Knowledge Management


In an earlier blog we discussed how data became knowledge after being grouped and contextualised.  But what value has Knowledge?

Knowledge is part of a firm’s intangible assets, which also include Brand, Reputation and their unique business process.  However, knowledge that cannot be shared is next to useless.  If specific critical knowledge only exists in one employees head, then the organisation is at risk of that knowledge walking out the door if he/she leaves.  Only when it is possible to share knowledge throughout the organisation, and learn from it, has knowledge value.


Types of Knowledge

Explicit Knowledge is Documented knowledge.  Whether that’s in structured form, like documents, or unstructured, such as emails, voicemail, graphics, etc.

Tacit Knowledge is less quantifiable.  It’s undocumented – generally stored in an employees head.  It’s knowledge learned from experience, but you’re often not aware you know it.  It’s often when something isn’t working with a program, it triggers a memory; This suggests something to try to resolve the problem, which often works.  You may not have knowledge of the system being coded, but a similar experience with another system can be enough to gain knowledge from.

Knowledge Management

Knowledge Management is the process of capturing, developing, sharing and using organisational knowledge in an effective manner.1

There are known steps in the Knowledge Management value chain.  These steps allow an organisation to learn & change it’s business processes to reflect this learning.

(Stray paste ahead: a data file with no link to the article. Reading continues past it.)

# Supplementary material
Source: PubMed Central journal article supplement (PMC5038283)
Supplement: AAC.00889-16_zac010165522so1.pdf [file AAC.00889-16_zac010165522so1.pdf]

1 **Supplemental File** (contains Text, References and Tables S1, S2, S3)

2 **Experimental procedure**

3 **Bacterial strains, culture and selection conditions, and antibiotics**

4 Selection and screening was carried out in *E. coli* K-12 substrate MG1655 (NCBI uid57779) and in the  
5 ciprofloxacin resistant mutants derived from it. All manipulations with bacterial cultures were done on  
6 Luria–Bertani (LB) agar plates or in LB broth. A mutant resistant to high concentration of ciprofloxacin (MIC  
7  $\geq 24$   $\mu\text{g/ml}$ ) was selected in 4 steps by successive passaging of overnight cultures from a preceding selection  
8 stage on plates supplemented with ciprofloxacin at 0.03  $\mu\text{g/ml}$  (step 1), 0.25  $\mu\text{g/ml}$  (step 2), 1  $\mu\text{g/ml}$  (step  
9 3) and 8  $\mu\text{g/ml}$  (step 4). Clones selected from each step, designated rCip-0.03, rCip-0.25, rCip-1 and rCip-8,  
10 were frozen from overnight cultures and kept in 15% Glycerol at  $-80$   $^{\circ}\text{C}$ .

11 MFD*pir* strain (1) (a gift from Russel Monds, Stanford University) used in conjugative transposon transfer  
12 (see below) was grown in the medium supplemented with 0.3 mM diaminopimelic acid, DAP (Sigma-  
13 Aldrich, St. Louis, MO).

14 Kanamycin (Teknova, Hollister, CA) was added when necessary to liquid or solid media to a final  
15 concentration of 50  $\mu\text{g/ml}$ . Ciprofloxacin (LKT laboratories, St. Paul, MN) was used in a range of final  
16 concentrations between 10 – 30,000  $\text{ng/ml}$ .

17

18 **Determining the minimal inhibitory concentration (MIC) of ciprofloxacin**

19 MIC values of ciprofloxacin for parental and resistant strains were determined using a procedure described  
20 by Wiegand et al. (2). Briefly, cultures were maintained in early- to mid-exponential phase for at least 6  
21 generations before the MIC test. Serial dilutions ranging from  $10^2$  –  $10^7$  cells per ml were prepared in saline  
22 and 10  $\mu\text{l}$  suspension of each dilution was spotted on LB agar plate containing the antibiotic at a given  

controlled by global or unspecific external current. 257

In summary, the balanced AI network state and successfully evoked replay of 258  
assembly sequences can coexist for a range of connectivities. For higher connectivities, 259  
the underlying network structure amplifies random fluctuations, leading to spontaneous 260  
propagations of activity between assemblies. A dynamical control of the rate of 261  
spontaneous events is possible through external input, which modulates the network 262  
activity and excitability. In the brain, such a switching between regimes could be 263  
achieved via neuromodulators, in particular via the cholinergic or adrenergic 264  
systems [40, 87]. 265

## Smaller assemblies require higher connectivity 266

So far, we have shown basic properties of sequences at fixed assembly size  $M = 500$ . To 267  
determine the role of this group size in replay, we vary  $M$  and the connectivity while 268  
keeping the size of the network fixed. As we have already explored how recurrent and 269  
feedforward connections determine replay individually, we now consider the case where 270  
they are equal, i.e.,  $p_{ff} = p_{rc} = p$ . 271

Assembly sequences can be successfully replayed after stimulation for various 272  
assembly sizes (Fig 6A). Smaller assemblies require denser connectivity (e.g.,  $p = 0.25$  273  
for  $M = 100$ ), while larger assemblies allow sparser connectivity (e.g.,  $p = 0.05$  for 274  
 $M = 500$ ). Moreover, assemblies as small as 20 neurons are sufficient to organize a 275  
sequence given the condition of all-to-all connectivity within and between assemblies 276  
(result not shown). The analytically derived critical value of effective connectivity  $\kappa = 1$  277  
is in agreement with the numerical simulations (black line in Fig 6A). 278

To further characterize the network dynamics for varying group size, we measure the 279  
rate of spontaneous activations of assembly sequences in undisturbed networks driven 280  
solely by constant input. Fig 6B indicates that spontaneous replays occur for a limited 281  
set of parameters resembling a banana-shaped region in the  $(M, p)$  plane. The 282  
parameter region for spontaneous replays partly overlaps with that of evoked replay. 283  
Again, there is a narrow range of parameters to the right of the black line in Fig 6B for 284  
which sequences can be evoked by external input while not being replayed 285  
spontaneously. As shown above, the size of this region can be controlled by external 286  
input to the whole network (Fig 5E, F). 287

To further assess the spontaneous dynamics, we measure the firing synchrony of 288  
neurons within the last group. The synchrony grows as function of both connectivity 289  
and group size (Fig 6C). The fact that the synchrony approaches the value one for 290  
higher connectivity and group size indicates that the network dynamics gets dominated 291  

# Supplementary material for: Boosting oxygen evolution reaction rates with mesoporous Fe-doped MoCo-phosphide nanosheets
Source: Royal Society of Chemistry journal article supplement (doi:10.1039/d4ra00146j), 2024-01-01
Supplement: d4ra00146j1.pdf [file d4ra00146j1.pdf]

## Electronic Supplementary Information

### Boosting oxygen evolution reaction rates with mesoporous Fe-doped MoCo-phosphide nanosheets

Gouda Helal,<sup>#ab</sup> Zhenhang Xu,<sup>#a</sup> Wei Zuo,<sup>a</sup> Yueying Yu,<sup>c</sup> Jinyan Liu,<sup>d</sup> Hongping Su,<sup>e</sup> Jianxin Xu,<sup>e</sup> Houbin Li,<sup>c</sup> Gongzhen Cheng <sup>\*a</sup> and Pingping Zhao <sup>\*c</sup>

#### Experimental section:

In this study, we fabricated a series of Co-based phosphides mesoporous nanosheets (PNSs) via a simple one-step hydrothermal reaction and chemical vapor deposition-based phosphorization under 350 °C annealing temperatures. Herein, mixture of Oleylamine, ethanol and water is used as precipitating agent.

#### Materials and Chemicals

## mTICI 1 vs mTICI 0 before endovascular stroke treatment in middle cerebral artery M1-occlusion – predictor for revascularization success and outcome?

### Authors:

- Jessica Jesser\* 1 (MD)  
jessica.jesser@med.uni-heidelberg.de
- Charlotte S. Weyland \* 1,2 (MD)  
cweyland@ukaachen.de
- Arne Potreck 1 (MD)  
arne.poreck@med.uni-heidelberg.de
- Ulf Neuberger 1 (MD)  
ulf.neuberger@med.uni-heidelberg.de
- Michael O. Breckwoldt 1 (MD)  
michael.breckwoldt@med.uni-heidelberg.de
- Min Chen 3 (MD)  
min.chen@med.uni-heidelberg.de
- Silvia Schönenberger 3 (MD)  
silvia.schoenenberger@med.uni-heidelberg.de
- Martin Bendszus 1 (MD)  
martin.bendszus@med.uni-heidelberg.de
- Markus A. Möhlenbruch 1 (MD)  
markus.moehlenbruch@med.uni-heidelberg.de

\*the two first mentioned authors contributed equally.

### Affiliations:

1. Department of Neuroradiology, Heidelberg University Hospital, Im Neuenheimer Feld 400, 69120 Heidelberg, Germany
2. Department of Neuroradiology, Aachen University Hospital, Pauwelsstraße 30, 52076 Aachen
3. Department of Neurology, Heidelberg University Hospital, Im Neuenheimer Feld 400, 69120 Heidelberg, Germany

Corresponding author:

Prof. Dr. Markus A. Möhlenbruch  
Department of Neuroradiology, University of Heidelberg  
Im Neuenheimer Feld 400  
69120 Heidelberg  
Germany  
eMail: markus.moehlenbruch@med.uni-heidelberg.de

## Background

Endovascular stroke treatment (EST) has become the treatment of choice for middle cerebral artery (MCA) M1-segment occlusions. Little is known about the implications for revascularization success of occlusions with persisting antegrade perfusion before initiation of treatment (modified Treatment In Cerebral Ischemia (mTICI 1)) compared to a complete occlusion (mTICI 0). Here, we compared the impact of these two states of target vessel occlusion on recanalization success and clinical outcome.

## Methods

KM Value Chain

  1. Acquire Knowledge.
    • Repositories of structured & unstructured data.
    • Online expert networks within the organisation.
    • Discovering patterns in data.
    • External Pertinent Data
    • Internal Transaction data.
  2. Store Knowledge.
    • Storage that can be accessed by employees as needed – Indexed, tagged, digitised, etc.
    • Expert systems that can help organisations save past knowledge & build new.
    • Rewarding employees for keeping knowledge up to date.
  3. Disseminate Knowledge.
    • Options available for sharing information – wikis, blogs, E-mail, Instant Messaging, Collaboration Tools
    • Key learning routes to help managers deal with important information.
  4. Apply Knowledge.
    • Management Support for process, product & services change as a result of new Knowledge.
    • If an organisation doesn’t change as a result of new Knowledge, they get to return on investment.



People are the holders of knowledge.  They develop, share & use knowledge.  For all the possible Knowledge Management systems available to companies, it’s their people that are the most important store of knowledge.  Unless there is a culture of sharing that knowledge within your company you might as well save your money on the IT spend.  It will fail.  Only when the company culture is right, will you gain benefits from Knowledge Management Systems.





Laudon K & Laudon J. (2014) ‘Management Information Systems: Managing the Digital Firm’ Pearson, Edinburgh.

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